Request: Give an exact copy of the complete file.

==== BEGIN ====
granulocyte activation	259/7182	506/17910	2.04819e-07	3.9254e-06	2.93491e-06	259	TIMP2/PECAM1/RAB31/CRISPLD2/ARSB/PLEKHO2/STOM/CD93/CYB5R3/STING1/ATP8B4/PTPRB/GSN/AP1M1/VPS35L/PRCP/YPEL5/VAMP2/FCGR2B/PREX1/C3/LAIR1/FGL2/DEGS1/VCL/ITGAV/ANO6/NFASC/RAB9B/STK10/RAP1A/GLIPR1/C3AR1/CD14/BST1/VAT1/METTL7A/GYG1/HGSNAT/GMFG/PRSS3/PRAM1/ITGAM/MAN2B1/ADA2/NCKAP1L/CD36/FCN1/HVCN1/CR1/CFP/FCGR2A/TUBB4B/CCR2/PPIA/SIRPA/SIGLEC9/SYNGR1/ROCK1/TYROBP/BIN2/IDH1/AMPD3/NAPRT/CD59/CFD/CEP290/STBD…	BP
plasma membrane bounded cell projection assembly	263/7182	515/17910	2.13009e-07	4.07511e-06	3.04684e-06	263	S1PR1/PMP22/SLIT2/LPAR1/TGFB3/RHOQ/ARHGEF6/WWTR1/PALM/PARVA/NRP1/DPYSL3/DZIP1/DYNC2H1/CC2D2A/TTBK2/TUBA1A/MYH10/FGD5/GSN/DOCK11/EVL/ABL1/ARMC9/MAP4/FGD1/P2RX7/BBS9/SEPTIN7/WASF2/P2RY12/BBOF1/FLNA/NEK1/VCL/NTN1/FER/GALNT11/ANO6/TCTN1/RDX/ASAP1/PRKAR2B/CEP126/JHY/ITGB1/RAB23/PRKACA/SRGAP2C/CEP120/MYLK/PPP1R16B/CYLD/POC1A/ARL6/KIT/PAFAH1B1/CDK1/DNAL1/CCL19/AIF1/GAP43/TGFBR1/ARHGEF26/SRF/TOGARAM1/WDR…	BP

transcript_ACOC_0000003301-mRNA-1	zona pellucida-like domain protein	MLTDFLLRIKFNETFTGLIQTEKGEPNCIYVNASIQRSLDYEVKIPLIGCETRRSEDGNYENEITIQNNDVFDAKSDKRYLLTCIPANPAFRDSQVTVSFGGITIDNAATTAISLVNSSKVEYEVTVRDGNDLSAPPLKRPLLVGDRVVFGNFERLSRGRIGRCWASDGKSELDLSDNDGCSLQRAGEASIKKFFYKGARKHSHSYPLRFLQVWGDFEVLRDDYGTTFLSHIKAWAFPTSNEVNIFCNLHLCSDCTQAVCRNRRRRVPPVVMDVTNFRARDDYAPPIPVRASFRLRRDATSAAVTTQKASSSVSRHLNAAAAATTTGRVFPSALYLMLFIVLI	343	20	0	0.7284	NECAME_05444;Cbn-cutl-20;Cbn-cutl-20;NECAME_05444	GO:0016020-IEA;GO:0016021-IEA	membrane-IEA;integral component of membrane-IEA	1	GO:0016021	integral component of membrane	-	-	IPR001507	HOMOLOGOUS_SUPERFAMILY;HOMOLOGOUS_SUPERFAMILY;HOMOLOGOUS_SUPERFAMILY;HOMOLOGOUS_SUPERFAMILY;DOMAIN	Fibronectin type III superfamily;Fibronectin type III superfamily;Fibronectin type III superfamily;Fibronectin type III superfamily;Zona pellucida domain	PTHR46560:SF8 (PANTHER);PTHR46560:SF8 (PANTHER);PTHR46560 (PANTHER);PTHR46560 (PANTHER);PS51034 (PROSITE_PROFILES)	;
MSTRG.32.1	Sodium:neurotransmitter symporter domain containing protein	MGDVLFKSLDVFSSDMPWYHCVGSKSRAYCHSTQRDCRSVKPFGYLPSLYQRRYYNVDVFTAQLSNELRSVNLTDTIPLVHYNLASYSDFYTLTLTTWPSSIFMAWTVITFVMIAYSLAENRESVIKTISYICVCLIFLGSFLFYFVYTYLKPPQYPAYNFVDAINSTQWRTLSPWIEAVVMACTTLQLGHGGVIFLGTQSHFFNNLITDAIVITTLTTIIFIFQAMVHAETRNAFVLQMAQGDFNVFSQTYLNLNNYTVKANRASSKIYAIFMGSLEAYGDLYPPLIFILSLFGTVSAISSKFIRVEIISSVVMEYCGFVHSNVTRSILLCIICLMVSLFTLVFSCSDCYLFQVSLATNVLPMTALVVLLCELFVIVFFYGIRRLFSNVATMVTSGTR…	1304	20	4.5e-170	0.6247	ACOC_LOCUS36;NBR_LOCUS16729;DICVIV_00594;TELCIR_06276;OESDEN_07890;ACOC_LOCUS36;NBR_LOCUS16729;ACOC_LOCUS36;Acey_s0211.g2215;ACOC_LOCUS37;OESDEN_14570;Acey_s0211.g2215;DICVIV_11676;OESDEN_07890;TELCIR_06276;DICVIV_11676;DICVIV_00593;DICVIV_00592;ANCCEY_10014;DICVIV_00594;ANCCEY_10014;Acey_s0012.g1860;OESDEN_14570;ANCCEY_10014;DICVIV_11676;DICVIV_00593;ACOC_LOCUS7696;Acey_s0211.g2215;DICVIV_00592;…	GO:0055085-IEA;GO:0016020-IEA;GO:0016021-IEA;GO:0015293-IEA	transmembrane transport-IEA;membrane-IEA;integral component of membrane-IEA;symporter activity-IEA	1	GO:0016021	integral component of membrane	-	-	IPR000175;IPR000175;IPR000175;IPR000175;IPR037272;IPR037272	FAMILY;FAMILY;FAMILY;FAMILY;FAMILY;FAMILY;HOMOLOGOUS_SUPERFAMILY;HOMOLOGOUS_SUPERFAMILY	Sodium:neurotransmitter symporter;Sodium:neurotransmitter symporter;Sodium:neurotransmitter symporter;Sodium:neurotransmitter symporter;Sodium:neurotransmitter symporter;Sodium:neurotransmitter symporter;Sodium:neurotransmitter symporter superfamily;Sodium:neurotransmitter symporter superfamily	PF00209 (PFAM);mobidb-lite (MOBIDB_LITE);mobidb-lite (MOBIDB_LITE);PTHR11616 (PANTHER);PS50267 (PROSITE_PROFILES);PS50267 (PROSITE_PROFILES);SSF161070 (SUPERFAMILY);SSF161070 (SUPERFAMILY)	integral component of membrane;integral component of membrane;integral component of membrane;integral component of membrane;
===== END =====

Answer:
granulocyte activation	259/7182	506/17910	2.04819e-07	3.9254e-06	2.93491e-06	259	TIMP2/PECAM1/RAB31/CRISPLD2/ARSB/PLEKHO2/STOM/CD93/CYB5R3/STING1/ATP8B4/PTPRB/GSN/AP1M1/VPS35L/PRCP/YPEL5/VAMP2/FCGR2B/PREX1/C3/LAIR1/FGL2/DEGS1/VCL/ITGAV/ANO6/NFASC/RAB9B/STK10/RAP1A/GLIPR1/C3AR1/CD14/BST1/VAT1/METTL7A/GYG1/HGSNAT/GMFG/PRSS3/PRAM1/ITGAM/MAN2B1/ADA2/NCKAP1L/CD36/FCN1/HVCN1/CR1/CFP/FCGR2A/TUBB4B/CCR2/PPIA/SIRPA/SIGLEC9/SYNGR1/ROCK1/TYROBP/BIN2/IDH1/AMPD3/NAPRT/CD59/CFD/CEP290/STBD…	BP
plasma membrane bounded cell projection assembly	263/7182	515/17910	2.13009e-07	4.07511e-06	3.04684e-06	263	S1PR1/PMP22/SLIT2/LPAR1/TGFB3/RHOQ/ARHGEF6/WWTR1/PALM/PARVA/NRP1/DPYSL3/DZIP1/DYNC2H1/CC2D2A/TTBK2/TUBA1A/MYH10/FGD5/GSN/DOCK11/EVL/ABL1/ARMC9/MAP4/FGD1/P2RX7/BBS9/SEPTIN7/WASF2/P2RY12/BBOF1/FLNA/NEK1/VCL/NTN1/FER/GALNT11/ANO6/TCTN1/RDX/ASAP1/PRKAR2B/CEP126/JHY/ITGB1/RAB23/PRKACA/SRGAP2C/CEP120/MYLK/PPP1R16B/CYLD/POC1A/ARL6/KIT/PAFAH1B1/CDK1/DNAL1/CCL19/AIF1/GAP43/TGFBR1/ARHGEF26/SRF/TOGARAM1/WDR…	BP

transcript_ACOC_0000003301-mRNA-1	zona pellucida-like domain protein	MLTDFLLRIKFNETFTGLIQTEKGEPNCIYVNASIQRSLDYEVKIPLIGCETRRSEDGNYENEITIQNNDVFDAKSDKRYLLTCIPANPAFRDSQVTVSFGGITIDNAATTAISLVNSSKVEYEVTVRDGNDLSAPPLKRPLLVGDRVVFGNFERLSRGRIGRCWASDGKSELDLSDNDGCSLQRAGEASIKKFFYKGARKHSHSYPLRFLQVWGDFEVLRDDYGTTFLSHIKAWAFPTSNEVNIFCNLHLCSDCTQAVCRNRRRRVPPVVMDVTNFRARDDYAPPIPVRASFRLRRDATSAAVTTQKASSSVSRHLNAAAAATTTGRVFPSALYLMLFIVLI	343	20	0	0.7284	NECAME_05444;Cbn-cutl-20;Cbn-cutl-20;NECAME_05444	GO:0016020-IEA;GO:0016021-IEA	membrane-IEA;integral component of membrane-IEA	1	GO:0016021	integral component of membrane	-	-	IPR001507	HOMOLOGOUS_SUPERFAMILY;HOMOLOGOUS_SUPERFAMILY;HOMOLOGOUS_SUPERFAMILY;HOMOLOGOUS_SUPERFAMILY;DOMAIN	Fibronectin type III superfamily;Fibronectin type III superfamily;Fibronectin type III superfamily;Fibronectin type III superfamily;Zona pellucida domain	PTHR46560:SF8 (PANTHER);PTHR46560:SF8 (PANTHER);PTHR46560 (PANTHER);PTHR46560 (PANTHER);PS51034 (PROSITE_PROFILES)	;
MSTRG.32.1	Sodium:neurotransmitter symporter domain containing protein	MGDVLFKSLDVFSSDMPWYHCVGSKSRAYCHSTQRDCRSVKPFGYLPSLYQRRYYNVDVFTAQLSNELRSVNLTDTIPLVHYNLASYSDFYTLTLTTWPSSIFMAWTVITFVMIAYSLAENRESVIKTISYICVCLIFLGSFLFYFVYTYLKPPQYPAYNFVDAINSTQWRTLSPWIEAVVMACTTLQLGHGGVIFLGTQSHFFNNLITDAIVITTLTTIIFIFQAMVHAETRNAFVLQMAQGDFNVFSQTYLNLNNYTVKANRASSKIYAIFMGSLEAYGDLYPPLIFILSLFGTVSAISSKFIRVEIISSVVMEYCGFVHSNVTRSILLCIICLMVSLFTLVFSCSDCYLFQVSLATNVLPMTALVVLLCELFVIVFFYGIRRLFSNVATMVTSGTR…	1304	20	4.5e-170	0.6247	ACOC_LOCUS36;NBR_LOCUS16729;DICVIV_00594;TELCIR_06276;OESDEN_07890;ACOC_LOCUS36;NBR_LOCUS16729;ACOC_LOCUS36;Acey_s0211.g2215;ACOC_LOCUS37;OESDEN_14570;Acey_s0211.g2215;DICVIV_11676;OESDEN_07890;TELCIR_06276;DICVIV_11676;DICVIV_00593;DICVIV_00592;ANCCEY_10014;DICVIV_00594;ANCCEY_10014;Acey_s0012.g1860;OESDEN_14570;ANCCEY_10014;DICVIV_11676;DICVIV_00593;ACOC_LOCUS7696;Acey_s0211.g2215;DICVIV_00592;…	GO:0055085-IEA;GO:0016020-IEA;GO:0016021-IEA;GO:0015293-IEA	transmembrane transport-IEA;membrane-IEA;integral component of membrane-IEA;symporter activity-IEA	1	GO:0016021	integral component of membrane	-	-	IPR000175;IPR000175;IPR000175;IPR000175;IPR037272;IPR037272	FAMILY;FAMILY;FAMILY;FAMILY;FAMILY;FAMILY;HOMOLOGOUS_SUPERFAMILY;HOMOLOGOUS_SUPERFAMILY	Sodium:neurotransmitter symporter;Sodium:neurotransmitter symporter;Sodium:neurotransmitter symporter;Sodium:neurotransmitter symporter;Sodium:neurotransmitter symporter;Sodium:neurotransmitter symporter;Sodium:neurotransmitter symporter superfamily;Sodium:neurotransmitter symporter superfamily	PF00209 (PFAM);mobidb-lite (MOBIDB_LITE);mobidb-lite (MOBIDB_LITE);PTHR11616 (PANTHER);PS50267 (PROSITE_PROFILES);PS50267 (PROSITE_PROFILES);SSF161070 (SUPERFAMILY);SSF161070 (SUPERFAMILY)	integral component of membrane;integral component of membrane;integral component of membrane;integral component of membrane;